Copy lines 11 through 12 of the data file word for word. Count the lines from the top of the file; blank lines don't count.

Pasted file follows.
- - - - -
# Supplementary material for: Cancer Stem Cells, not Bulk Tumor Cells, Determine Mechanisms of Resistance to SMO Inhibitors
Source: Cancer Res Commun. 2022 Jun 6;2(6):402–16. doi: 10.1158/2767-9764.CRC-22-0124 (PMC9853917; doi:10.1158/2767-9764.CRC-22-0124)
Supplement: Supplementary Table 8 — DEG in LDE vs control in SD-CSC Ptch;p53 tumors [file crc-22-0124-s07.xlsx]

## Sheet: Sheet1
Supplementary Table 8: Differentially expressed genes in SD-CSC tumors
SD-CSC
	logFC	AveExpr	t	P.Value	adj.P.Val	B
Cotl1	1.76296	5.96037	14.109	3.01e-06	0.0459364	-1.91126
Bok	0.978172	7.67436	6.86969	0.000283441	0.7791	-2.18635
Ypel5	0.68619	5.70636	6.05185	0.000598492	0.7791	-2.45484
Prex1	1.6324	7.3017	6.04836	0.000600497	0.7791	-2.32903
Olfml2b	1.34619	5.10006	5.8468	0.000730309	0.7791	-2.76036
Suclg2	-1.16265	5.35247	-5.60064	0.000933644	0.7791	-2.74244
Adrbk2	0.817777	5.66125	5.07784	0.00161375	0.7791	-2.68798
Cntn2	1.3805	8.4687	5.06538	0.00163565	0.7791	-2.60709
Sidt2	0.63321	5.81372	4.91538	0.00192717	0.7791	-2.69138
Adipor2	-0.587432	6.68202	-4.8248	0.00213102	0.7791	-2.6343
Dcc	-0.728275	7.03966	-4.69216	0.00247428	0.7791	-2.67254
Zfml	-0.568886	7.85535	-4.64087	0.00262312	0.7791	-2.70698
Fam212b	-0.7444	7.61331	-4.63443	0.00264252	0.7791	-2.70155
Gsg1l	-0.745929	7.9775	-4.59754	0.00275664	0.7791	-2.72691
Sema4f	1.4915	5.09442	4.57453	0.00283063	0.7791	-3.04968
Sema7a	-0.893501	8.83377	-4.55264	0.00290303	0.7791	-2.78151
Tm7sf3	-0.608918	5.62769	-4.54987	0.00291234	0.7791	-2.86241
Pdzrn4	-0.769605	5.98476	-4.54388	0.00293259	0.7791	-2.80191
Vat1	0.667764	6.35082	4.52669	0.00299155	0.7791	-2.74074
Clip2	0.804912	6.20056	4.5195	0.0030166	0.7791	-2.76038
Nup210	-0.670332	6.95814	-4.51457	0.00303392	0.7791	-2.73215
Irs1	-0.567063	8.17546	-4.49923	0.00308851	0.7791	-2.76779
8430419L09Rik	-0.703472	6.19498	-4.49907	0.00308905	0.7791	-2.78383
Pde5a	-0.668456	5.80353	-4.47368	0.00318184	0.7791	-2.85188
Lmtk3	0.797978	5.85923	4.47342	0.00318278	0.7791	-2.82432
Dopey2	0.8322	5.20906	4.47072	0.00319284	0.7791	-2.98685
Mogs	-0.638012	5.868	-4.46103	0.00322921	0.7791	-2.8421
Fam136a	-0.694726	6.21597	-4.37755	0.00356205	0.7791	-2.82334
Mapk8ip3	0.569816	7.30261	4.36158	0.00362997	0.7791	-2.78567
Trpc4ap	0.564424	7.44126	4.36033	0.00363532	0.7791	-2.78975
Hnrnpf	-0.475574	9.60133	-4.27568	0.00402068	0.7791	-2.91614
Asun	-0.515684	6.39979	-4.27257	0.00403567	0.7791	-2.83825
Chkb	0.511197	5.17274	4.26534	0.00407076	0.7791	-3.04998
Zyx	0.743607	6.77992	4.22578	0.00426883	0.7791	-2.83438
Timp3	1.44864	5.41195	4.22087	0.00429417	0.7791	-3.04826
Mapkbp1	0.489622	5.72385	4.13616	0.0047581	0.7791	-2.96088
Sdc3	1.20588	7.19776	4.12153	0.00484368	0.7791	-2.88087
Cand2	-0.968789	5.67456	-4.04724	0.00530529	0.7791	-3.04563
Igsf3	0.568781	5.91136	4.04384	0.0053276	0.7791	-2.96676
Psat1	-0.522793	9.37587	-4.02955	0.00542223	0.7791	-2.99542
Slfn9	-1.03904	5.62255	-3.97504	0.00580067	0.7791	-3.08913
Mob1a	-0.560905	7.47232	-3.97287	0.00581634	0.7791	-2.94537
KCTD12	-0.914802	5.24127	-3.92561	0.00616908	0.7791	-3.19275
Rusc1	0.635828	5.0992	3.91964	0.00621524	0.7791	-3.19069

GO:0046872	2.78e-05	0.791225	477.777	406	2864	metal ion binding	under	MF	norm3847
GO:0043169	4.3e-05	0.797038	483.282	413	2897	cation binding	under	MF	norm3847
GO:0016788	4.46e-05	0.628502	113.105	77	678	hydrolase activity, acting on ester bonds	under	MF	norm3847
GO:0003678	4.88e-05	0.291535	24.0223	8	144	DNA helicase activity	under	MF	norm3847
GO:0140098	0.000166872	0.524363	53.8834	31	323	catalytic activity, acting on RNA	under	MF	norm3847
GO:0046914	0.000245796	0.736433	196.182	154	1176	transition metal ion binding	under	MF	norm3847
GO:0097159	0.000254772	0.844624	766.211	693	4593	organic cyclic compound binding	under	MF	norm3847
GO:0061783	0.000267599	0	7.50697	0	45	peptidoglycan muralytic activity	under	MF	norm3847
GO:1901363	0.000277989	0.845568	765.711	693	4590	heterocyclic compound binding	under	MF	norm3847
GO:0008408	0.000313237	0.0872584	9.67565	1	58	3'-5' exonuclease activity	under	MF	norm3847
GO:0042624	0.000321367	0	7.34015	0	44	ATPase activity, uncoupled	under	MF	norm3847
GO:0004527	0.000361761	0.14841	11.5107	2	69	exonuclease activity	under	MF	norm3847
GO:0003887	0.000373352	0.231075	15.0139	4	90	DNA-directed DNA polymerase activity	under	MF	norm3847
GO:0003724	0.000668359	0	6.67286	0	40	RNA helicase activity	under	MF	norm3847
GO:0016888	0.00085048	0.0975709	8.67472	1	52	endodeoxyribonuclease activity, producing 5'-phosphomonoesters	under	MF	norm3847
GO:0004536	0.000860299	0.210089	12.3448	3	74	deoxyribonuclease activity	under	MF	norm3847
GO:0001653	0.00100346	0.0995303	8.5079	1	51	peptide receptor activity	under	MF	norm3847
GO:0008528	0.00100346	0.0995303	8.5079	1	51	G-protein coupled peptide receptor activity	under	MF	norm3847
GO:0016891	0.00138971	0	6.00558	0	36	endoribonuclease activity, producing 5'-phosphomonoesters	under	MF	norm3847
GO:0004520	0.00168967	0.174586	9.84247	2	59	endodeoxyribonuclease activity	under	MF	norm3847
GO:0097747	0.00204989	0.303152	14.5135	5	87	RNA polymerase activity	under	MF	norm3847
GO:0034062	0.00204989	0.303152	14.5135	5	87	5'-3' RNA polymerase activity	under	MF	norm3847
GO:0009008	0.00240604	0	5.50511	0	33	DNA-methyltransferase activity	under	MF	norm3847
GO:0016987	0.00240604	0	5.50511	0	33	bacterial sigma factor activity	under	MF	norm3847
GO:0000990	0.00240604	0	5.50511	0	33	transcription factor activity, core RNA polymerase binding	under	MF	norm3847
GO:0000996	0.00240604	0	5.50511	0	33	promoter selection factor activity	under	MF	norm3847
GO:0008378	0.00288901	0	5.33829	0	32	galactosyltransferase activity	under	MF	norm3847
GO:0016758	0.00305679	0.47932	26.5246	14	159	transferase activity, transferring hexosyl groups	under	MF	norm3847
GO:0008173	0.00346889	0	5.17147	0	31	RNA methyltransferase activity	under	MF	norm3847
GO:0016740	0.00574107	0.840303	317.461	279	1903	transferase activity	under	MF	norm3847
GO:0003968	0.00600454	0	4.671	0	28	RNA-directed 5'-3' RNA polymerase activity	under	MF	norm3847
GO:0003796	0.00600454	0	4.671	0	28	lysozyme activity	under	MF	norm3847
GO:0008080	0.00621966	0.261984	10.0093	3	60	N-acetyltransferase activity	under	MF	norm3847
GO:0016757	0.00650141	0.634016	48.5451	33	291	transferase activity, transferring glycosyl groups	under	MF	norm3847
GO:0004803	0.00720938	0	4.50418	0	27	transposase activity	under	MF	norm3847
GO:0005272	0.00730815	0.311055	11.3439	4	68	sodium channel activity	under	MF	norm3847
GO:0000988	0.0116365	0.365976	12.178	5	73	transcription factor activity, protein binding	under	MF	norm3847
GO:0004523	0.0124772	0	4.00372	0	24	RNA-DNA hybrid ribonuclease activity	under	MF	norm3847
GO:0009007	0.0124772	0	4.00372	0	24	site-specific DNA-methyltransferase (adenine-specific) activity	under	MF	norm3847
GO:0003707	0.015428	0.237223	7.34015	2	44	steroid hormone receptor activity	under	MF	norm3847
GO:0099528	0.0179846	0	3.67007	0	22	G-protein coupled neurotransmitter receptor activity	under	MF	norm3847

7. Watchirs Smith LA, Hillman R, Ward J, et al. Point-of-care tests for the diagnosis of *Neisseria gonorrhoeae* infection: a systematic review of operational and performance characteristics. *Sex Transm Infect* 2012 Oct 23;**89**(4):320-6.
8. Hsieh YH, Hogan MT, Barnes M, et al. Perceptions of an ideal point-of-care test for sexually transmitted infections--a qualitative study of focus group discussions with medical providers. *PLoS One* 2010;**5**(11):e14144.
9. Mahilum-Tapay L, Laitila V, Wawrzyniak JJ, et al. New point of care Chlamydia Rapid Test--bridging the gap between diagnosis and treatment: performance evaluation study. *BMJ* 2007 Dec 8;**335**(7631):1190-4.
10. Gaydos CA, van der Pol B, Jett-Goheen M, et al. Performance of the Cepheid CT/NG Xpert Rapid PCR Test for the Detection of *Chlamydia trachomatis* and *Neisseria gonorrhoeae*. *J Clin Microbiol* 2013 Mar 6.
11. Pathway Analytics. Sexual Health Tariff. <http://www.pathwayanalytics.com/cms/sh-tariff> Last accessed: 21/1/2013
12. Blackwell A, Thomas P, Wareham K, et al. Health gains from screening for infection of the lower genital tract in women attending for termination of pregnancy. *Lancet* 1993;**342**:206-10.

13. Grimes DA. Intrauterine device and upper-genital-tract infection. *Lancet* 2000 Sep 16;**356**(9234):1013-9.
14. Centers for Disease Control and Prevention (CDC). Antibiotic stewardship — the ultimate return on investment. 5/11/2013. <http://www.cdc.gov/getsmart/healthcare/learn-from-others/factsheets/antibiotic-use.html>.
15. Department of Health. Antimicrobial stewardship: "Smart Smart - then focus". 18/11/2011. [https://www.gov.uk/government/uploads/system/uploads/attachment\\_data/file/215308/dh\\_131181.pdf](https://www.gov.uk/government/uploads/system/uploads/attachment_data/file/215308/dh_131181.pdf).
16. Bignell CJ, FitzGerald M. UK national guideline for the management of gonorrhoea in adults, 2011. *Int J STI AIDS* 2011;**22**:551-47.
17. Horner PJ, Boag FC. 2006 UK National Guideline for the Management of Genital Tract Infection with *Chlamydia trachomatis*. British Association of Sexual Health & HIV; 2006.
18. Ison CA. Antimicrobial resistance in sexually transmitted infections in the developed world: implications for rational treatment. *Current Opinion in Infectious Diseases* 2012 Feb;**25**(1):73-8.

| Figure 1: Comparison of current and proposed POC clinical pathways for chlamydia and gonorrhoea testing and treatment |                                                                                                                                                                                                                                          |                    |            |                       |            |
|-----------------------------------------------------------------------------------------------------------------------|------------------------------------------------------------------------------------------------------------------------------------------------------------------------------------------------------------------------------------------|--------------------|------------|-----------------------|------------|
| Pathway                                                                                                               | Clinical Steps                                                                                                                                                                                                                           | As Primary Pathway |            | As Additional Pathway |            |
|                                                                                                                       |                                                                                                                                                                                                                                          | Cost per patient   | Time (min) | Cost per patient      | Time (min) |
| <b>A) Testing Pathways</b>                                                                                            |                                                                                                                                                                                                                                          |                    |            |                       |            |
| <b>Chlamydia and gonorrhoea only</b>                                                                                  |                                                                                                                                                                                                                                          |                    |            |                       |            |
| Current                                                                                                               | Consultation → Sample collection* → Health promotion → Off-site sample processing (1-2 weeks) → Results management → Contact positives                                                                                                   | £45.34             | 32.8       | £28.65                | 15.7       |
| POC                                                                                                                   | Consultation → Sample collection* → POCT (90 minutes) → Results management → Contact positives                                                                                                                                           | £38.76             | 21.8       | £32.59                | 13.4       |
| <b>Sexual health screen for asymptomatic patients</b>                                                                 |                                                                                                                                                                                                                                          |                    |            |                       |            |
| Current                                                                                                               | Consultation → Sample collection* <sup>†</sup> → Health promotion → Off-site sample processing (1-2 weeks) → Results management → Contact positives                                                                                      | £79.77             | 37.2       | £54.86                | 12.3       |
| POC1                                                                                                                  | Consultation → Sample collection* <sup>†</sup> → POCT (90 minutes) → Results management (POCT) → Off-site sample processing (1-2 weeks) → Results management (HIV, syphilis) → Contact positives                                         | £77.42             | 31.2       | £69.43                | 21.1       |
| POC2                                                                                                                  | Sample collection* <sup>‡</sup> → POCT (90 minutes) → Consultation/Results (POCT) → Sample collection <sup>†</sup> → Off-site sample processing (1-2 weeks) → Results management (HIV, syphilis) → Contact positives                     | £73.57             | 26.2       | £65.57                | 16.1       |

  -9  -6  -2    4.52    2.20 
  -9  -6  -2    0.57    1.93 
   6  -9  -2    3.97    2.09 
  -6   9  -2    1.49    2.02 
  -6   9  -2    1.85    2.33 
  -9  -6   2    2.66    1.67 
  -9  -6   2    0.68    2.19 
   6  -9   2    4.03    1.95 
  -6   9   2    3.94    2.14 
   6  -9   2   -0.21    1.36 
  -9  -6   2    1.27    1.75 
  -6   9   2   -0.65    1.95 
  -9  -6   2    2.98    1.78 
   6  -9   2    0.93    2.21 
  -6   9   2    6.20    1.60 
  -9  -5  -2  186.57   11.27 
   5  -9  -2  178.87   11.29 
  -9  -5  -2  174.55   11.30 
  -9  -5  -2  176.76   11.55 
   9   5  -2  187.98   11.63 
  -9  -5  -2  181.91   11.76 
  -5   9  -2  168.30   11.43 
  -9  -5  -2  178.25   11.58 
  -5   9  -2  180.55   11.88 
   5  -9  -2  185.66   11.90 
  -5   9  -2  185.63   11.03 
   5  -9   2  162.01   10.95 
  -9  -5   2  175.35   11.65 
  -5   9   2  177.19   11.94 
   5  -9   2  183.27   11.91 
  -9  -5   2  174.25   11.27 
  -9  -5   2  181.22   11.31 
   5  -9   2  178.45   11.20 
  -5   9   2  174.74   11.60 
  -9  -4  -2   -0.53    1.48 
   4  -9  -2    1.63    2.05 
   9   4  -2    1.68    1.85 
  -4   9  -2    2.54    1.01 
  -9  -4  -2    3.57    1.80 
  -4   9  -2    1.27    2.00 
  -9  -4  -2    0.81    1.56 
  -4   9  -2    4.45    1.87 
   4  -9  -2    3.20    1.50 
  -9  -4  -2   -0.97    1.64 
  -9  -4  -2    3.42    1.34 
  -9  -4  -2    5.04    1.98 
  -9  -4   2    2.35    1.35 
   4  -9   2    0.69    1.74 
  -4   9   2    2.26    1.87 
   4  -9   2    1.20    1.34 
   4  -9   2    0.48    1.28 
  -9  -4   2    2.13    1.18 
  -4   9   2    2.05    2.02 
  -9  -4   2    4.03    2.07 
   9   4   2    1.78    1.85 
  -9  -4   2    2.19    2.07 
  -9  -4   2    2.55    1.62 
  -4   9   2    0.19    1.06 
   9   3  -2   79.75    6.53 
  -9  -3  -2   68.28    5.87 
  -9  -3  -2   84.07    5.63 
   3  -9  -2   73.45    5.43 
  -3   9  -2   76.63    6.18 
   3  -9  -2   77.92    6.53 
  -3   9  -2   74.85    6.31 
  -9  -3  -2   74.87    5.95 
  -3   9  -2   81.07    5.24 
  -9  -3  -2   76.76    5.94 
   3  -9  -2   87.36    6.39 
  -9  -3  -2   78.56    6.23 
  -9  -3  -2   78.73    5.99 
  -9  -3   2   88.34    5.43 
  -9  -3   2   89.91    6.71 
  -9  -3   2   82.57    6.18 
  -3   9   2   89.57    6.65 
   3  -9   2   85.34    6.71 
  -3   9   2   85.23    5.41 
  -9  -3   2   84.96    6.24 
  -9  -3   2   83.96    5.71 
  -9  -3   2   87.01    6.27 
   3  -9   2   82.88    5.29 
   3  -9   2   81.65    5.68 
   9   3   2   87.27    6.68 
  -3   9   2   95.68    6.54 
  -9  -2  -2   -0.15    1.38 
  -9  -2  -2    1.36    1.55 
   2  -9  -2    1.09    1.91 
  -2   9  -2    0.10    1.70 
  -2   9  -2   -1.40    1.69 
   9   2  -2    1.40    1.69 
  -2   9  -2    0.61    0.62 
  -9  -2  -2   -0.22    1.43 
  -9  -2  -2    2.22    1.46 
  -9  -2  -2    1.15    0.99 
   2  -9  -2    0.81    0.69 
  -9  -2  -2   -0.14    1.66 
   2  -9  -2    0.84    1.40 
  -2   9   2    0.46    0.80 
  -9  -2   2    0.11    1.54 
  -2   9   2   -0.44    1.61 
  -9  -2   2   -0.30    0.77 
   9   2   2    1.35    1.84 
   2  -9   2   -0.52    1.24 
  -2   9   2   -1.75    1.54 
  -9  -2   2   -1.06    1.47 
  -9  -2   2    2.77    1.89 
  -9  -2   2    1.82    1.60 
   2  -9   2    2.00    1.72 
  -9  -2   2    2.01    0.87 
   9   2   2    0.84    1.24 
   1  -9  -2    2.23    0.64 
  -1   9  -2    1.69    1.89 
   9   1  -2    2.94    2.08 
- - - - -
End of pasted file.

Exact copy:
Prex1	1.6324	7.3017	6.04836	0.000600497	0.7791	-2.32903
Olfml2b	1.34619	5.10006	5.8468	0.000730309	0.7791	-2.76036